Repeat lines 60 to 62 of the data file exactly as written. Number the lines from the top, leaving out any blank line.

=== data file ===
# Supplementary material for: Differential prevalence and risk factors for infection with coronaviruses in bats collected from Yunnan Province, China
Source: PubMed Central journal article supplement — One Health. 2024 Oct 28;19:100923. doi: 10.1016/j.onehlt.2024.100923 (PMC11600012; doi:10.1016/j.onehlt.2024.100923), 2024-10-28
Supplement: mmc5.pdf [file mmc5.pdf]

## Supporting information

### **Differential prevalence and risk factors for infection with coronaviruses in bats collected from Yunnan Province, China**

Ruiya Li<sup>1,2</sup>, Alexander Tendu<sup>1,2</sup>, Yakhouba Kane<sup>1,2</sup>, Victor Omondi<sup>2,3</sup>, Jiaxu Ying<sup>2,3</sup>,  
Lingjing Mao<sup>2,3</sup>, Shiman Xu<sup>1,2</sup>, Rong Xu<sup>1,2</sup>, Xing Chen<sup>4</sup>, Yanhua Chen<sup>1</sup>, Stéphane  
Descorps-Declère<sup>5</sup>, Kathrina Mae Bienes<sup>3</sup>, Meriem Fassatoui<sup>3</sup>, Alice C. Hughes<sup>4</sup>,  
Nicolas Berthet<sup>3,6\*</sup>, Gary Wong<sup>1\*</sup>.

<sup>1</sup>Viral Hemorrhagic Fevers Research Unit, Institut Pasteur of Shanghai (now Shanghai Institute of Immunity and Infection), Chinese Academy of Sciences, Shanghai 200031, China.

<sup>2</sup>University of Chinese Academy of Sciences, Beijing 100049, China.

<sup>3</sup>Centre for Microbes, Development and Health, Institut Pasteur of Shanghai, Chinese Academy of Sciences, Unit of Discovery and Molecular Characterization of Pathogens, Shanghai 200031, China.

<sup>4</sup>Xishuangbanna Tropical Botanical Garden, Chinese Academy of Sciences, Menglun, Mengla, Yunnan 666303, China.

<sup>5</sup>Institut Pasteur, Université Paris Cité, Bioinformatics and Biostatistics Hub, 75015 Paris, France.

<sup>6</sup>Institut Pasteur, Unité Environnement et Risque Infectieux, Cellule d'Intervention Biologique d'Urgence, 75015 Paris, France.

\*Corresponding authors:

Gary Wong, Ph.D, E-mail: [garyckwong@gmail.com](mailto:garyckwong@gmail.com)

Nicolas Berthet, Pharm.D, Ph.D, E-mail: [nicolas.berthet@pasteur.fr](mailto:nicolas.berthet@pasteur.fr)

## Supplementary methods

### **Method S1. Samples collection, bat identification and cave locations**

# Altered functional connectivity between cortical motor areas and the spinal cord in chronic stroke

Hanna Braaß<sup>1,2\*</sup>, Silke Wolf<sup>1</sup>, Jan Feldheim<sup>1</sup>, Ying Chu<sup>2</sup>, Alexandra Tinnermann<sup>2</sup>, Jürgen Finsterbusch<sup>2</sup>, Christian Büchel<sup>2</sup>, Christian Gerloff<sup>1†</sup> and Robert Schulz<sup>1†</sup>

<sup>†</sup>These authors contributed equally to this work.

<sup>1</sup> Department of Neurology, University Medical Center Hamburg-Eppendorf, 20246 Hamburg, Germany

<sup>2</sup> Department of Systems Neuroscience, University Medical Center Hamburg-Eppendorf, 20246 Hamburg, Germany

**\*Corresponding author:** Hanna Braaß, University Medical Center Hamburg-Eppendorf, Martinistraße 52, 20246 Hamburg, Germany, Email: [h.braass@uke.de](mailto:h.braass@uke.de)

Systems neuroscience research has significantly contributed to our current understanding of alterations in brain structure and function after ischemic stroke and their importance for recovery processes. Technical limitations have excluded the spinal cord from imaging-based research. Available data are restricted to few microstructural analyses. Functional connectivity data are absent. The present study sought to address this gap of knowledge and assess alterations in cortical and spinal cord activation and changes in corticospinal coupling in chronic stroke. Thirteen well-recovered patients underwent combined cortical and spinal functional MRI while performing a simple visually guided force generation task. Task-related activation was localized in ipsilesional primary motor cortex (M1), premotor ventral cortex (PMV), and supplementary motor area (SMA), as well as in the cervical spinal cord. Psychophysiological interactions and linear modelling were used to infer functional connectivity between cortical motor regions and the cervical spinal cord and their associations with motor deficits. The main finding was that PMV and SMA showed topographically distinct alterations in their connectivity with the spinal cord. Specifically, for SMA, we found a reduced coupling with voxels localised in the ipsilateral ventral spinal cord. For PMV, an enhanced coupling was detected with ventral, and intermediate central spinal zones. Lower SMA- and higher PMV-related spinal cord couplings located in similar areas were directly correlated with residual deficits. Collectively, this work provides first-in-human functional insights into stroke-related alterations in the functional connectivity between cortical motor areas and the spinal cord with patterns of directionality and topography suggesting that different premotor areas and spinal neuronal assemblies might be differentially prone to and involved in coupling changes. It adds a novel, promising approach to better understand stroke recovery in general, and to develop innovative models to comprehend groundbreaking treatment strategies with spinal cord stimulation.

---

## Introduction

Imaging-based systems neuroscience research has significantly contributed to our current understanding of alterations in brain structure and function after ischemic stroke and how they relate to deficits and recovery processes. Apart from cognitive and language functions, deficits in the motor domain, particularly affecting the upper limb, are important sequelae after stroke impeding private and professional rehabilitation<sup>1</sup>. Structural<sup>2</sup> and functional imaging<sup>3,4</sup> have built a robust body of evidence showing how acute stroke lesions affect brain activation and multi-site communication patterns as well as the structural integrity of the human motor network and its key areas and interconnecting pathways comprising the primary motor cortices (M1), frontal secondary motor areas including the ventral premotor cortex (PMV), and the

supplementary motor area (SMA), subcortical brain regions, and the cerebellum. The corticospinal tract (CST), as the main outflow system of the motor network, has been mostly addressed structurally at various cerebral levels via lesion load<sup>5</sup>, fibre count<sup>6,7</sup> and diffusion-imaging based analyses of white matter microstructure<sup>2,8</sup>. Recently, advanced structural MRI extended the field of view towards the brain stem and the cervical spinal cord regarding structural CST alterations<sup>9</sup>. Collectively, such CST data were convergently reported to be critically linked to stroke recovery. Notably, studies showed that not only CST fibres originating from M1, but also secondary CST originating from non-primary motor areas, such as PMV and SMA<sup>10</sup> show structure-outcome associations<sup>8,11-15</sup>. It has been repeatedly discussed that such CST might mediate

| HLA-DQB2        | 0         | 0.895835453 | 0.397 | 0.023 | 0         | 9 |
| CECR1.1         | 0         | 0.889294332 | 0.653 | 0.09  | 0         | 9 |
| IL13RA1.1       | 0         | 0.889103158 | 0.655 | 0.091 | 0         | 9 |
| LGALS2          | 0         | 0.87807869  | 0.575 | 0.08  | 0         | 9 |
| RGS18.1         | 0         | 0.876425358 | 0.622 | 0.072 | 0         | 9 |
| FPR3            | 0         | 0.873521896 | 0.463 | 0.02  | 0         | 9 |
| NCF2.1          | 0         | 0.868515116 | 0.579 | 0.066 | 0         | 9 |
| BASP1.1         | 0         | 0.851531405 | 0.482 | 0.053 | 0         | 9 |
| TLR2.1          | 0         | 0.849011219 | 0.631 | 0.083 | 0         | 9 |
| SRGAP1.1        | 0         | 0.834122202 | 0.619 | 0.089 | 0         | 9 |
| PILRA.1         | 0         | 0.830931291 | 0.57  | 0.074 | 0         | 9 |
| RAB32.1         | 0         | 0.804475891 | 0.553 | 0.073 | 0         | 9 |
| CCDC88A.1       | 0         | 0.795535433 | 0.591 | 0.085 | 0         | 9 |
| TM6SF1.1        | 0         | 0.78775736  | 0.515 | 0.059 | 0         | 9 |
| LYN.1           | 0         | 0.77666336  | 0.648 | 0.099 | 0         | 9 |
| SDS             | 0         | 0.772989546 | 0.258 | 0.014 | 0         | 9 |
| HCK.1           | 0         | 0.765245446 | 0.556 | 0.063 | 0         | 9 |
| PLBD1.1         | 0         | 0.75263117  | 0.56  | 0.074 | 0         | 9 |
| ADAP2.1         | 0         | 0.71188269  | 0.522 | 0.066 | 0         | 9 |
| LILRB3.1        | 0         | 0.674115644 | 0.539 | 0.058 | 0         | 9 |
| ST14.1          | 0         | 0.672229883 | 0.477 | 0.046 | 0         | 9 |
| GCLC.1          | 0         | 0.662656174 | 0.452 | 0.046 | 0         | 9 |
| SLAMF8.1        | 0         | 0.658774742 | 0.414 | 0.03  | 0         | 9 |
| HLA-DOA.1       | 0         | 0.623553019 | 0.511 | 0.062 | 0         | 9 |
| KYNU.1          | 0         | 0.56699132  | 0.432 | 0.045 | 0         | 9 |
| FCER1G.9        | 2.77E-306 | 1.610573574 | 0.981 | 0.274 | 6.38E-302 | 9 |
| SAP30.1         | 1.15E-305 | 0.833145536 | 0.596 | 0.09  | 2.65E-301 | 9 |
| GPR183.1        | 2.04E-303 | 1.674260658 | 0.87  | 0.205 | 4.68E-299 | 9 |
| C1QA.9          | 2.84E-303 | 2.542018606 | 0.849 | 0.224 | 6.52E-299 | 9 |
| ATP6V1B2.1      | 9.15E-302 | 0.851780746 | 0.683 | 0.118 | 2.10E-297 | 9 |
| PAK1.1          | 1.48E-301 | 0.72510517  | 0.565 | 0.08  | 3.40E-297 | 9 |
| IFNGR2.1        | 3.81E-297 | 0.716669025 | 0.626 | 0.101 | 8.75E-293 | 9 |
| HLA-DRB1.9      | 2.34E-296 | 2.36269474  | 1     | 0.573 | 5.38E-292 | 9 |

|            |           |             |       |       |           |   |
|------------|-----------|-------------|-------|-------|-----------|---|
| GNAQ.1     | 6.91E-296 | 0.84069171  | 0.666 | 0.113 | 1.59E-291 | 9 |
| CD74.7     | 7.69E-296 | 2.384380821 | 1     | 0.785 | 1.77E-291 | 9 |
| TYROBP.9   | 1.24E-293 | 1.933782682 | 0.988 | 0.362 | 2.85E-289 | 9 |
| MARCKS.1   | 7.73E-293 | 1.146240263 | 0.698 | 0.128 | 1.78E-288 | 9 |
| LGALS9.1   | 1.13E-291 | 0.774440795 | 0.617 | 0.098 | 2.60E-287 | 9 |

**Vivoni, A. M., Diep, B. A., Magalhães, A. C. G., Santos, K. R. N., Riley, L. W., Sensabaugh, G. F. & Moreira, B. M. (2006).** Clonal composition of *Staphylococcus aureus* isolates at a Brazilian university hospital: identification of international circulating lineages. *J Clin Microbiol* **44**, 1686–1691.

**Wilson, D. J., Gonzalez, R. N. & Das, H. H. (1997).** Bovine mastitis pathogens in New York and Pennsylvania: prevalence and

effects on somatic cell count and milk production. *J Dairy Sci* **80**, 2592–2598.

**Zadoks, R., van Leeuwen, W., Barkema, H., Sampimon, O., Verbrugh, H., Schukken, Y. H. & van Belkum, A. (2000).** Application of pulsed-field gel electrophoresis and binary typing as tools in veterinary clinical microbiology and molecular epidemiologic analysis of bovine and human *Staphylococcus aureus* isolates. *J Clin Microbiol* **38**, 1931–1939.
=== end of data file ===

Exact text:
| C1QA.9          | 2.84E-303 | 2.542018606 | 0.849 | 0.224 | 6.52E-299 | 9 |
| ATP6V1B2.1      | 9.15E-302 | 0.851780746 | 0.683 | 0.118 | 2.10E-297 | 9 |
| PAK1.1          | 1.48E-301 | 0.72510517  | 0.565 | 0.08  | 3.40E-297 | 9 |